The date was January 16th, 1970.
A lawsuit was filed against Major League Baseball commissioner Bowie Kuhn and MLB, alleging violation of federal antitrust laws. And the person who filed the lawsuit?
St. Louis Cardinals outfielder Curt Flood.
In 1972, Flood v. Kuhn went to the Supreme Court, where the judges ruled 5-3 in Kuhn’s favor. And while Flood was still an active player, the case essentially led to him being blackballed from Major League Baseball for the remainder of his life. However, the case also changed the landscape of free agency, labor agreements, and reserve clauses forever.
And on this edition of The Cooperstown Case, it’s time to delve into the case of the man who stood up to the system and in doing so, made a significant change. Not so much for being a player, but for being a contributor to the game.
Flood was born on January 18th, 1938 in Houston, Texas. His MLB debut came on September 9th, 1956, for the Cincinnati Redlegs (later to be known against as the Cincinnati Reds). His tenure with the Redlegs was nothing to get excited about, and eventually, he was traded to the St. Louis Cardinals.
That’s where his career really took off.
He batted .293, notched 1,861 hits, 636 RBI’s, turned out to be a three-time All-Star, and, as the top centerfielder for the Cardinals, won Gold Glove seven consecutive seasons, from 1963-1969. He was on three pennant-winning teams with the Cardinals and earned two World Series rings (1964, 1967). During those championship seasons, Flood played alongside future Hall of Famers Lou Brock, Bob Gibson Steve Carlton, Orlando Cepeda, and Red Schoendienst. In1968, dubbed “The Year of the Pitcher”, Flood actually finished fourth in the MVP voting. The award would be given to his teammate Gibson.
As 1969 rolled around, things began to change. Flood had clashes with management multiple times, and his overall production dipped. Nevertheless, he was still a constant part of the Cardinals’ team during the season.
Following the 1969 season, the Cardinals traded Flood, along with Tim McCarver, Byron Browne, and Joe Hoerner, to the Phillies for Dick Allen, Jerry Johnson, and Cookie Rojas. Back then, it was simple: you play for a team, then you play for that same team the next season (unless traded). Free agency was not a thing, and players accepted their fate(s) and went to their new teams, minding their own business.
Flood would have none of that.
He sent a letter to commissioner Kuhn detailing his wishes and frustrations:
December 24, 1969
After twelve years in the major leagues, I do not feel I am a piece of property to be bought and sold irrespective of my wishes. I believe that any system which produces that result violates my basic rights as a citizen and is inconsistent with the laws of the United States and of the several States.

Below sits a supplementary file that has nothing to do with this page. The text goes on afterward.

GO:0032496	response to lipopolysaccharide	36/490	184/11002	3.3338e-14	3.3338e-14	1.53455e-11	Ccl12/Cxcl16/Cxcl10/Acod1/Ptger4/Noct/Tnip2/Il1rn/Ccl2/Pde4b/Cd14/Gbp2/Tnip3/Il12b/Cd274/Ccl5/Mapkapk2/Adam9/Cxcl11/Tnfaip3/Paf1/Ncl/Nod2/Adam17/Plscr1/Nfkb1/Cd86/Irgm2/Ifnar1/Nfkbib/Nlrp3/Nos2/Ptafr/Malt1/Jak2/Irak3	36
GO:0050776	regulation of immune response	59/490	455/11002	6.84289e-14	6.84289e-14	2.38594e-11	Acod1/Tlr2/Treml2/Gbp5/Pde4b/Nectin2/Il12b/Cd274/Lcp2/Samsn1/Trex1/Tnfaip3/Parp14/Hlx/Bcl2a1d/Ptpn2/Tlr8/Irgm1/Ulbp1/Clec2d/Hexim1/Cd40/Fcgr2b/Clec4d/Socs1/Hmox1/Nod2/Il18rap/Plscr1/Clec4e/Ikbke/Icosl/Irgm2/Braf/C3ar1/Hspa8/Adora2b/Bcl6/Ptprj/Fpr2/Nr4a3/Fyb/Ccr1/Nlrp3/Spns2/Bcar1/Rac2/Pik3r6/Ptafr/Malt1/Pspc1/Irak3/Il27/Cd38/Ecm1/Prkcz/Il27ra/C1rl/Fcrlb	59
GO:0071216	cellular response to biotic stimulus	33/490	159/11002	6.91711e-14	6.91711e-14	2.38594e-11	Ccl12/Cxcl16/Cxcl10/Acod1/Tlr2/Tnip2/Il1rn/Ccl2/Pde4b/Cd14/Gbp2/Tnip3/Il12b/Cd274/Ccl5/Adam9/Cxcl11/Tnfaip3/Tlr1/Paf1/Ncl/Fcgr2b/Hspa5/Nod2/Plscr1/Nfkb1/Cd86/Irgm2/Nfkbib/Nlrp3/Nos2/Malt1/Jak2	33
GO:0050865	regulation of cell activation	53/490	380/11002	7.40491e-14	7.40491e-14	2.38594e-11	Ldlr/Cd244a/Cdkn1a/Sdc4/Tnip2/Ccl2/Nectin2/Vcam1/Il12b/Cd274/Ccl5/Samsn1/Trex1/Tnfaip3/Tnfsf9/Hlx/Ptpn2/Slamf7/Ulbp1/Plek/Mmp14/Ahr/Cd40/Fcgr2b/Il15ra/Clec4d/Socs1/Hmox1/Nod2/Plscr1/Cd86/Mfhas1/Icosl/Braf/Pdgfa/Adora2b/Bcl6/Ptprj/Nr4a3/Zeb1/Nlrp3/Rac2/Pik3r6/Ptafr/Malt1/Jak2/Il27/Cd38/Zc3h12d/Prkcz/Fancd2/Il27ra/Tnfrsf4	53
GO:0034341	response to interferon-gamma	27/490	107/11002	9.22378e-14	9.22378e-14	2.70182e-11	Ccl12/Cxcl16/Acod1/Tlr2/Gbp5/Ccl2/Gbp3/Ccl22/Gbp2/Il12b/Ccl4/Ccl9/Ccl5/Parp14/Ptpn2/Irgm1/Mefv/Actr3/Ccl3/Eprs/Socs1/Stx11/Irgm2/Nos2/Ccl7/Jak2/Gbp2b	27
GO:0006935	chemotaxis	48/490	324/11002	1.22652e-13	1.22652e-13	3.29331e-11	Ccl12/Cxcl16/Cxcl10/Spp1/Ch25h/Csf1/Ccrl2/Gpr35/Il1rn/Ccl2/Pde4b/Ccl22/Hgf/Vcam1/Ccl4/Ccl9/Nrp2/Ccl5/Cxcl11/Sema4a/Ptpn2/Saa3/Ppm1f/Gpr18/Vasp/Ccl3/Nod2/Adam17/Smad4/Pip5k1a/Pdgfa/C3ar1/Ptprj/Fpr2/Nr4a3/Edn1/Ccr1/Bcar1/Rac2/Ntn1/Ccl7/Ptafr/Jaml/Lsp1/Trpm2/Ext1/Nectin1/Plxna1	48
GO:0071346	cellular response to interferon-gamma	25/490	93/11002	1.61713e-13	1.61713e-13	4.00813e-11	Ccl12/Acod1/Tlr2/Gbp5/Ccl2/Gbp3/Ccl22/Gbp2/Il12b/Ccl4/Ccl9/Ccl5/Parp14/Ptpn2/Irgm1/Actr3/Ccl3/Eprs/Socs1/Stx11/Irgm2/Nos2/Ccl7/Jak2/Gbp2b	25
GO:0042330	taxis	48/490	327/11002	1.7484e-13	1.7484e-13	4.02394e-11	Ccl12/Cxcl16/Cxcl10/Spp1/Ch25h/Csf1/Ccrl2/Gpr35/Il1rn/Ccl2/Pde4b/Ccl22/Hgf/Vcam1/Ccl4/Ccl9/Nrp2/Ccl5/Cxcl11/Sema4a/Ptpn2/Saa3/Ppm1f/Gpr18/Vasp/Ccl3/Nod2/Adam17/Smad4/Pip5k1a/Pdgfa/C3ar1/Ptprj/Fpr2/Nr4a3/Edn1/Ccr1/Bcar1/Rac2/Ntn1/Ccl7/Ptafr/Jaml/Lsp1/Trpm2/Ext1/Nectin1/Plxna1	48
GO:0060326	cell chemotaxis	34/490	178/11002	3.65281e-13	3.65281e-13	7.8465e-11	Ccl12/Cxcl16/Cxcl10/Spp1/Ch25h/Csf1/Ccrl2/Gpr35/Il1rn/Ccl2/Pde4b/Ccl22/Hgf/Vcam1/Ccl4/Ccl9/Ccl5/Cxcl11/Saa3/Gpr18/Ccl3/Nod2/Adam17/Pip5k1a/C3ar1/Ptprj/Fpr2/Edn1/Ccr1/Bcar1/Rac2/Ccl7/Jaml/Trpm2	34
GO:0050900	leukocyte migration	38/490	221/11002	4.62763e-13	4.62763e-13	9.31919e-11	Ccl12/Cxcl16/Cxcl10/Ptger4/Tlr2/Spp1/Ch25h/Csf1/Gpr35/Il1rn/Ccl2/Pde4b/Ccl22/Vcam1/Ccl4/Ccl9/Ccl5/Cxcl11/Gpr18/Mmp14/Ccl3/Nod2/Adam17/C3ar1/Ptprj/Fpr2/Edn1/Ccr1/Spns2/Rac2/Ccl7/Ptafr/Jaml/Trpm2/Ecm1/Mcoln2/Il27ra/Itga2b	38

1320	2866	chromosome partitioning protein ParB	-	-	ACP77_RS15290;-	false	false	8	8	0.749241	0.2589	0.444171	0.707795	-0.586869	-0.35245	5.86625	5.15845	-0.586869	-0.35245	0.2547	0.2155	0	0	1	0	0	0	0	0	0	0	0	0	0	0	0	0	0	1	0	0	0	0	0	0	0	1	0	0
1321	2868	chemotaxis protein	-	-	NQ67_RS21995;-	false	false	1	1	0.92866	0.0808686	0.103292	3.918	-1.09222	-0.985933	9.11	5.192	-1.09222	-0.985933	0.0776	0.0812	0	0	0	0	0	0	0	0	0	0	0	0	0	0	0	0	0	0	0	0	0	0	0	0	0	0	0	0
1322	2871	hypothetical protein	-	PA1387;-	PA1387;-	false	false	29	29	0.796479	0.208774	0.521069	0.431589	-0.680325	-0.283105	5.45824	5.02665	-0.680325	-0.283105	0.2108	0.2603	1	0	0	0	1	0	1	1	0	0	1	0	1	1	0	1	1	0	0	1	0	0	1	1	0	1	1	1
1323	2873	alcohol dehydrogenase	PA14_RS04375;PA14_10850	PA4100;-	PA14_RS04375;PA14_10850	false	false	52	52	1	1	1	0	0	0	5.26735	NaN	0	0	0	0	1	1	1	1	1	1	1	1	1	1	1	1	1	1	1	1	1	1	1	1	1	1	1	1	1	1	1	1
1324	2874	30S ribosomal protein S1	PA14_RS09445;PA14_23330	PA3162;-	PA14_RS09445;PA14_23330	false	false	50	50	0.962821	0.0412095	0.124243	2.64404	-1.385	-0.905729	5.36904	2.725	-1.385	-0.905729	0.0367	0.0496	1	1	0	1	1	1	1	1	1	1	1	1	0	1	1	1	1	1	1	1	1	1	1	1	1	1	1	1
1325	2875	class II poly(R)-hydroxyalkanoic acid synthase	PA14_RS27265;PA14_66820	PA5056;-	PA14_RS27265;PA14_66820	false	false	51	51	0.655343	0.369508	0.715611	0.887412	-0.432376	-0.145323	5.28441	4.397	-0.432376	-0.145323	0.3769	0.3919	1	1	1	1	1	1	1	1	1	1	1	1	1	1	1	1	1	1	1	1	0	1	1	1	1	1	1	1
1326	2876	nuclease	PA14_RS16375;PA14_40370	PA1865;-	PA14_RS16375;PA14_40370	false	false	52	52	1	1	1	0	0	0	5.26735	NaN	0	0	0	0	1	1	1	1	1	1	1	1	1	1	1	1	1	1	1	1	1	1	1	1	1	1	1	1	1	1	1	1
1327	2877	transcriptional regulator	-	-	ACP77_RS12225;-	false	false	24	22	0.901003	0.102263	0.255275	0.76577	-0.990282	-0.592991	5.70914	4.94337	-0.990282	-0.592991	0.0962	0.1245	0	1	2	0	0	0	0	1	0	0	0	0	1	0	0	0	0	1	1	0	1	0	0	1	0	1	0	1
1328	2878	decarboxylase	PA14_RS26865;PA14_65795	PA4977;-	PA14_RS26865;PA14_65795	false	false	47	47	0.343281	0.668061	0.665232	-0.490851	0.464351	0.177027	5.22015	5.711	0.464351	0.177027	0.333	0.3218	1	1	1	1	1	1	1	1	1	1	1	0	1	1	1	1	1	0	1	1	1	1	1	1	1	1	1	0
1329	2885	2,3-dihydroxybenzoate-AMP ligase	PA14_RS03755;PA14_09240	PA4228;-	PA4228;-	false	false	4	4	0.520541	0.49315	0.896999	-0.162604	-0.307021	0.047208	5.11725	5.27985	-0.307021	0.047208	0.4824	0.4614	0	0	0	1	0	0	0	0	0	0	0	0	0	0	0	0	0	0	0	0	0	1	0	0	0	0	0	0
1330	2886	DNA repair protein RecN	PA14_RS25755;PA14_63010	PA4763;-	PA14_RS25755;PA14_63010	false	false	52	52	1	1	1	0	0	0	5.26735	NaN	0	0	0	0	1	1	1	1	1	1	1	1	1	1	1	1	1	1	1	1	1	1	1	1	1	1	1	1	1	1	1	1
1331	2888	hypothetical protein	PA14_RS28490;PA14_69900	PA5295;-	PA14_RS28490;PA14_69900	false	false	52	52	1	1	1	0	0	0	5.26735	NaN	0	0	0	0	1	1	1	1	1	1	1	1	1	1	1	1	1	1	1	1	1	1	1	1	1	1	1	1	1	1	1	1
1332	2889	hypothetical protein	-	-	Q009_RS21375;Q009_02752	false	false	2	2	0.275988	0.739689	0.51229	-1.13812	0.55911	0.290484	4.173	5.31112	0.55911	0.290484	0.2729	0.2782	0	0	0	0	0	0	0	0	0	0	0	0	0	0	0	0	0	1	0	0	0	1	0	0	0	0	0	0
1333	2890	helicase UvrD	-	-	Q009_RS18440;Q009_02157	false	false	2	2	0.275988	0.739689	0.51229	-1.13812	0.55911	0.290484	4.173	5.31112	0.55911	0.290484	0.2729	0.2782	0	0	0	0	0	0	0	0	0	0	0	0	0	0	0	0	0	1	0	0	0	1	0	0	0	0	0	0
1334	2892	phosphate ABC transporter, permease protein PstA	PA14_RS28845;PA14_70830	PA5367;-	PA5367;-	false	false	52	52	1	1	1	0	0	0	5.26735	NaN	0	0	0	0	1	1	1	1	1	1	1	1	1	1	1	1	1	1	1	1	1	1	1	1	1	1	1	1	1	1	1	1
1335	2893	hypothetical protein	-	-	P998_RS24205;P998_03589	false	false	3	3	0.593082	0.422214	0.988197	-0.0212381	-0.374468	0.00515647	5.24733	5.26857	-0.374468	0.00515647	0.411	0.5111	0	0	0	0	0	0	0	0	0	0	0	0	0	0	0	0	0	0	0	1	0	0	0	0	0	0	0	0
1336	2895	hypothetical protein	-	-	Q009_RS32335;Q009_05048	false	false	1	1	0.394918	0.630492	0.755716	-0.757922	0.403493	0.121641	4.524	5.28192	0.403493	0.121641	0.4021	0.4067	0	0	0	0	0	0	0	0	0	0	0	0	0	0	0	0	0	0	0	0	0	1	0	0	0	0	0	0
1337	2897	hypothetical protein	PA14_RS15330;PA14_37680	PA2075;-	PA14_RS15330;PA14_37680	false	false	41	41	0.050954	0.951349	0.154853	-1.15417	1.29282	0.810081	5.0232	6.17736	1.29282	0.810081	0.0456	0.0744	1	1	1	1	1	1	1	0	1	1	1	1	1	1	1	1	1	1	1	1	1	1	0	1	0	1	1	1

It is my desire to play baseball in 1970, and I am capable of playing. I have received a contract offer from the Philadelphia club, but I believe I have the right to consider offers from other clubs before making any decision. I, therefore, request that you make known to all Major League clubs my feelings in this matter, and advise them of my availability for the 1970 season.
The commissioner denied his request, and Flood, who compared the situation to slavery, sued MLB (as stated above).
Flood v. Kuhn (407 U.S. 258) was argued before the Supreme Court on March 20, 1972. Flood’s attorney, former Supreme Court Justice Arthur Goldberg, asserted that the reserve clause depressed wages and limited players to one team for life. On the other side, Major League Baseball’s counsel countered that Commissioner Kuhn had acted for “the good of the game”.
On June 19, 1972, the Supreme Court, invoking the principle of stare decisis (“to stand by things decided”), ruled 5-3 in favor of Major League Baseball, citing as precedent a 1922 ruling in Federal Baseball Club v. National League (259 U.S. 200). Justice Lewis Powell recused himself owing to his ownership of stock in Anheuser-Busch, which owned the Cardinals.
After the lost case, Flood played for the Washington Senators in 1971, but then his career faltered. Also stated above was the after-effect that him taking MLB to the Supreme Court really did… among other things, it blacklisted him from baseball. Not many players testified in court on behalf of Flood, possibly owing to their own potential risk of blacklisting. Some, such as Joe Garagiola, later in life expressed regret not standing by Flood’s side.
Despite losing the case, all was not lost in regards to free agency. In 1976, Andy Messersmith and Dave McNally won their arbitration cases and became free agents.
He spent the last part of his life dealing which throat cancer and pneumonia, eventually succumbing to the illnesses in 1997 at the age of 59.
On October 7th, 2020, James Clyborn and David Trone from The Washington Post wrote an editorial about how Flood should be in the Baseball Hall of Fame owing to his contributions as aa game-changer off the field (you can read it here: https://www.washingtonpost.com/opinions/2020/10/07/curt-flood-baseball-hall-of-fame/). In addition, in 2020, 102 members of the U.S. Congress wrote a letter to the Baseball Hall of Fame, which was co-signed by the Players’ unions from the NFL, NHL, NBA as well as MLS, petitioning for Flood to be inducted into the Hall of Fame.
Although he is not in the Baseball Hall of Fame, he was recognized in 2015 as the newest inductee into the St. Louis Cardinals Hall of Fame. Decades later, Flood’s courage and determination to make a change against injustice remains an inspiring motion by an athlete.
(PHOTO: Louis Requena/MLB via Getty Images)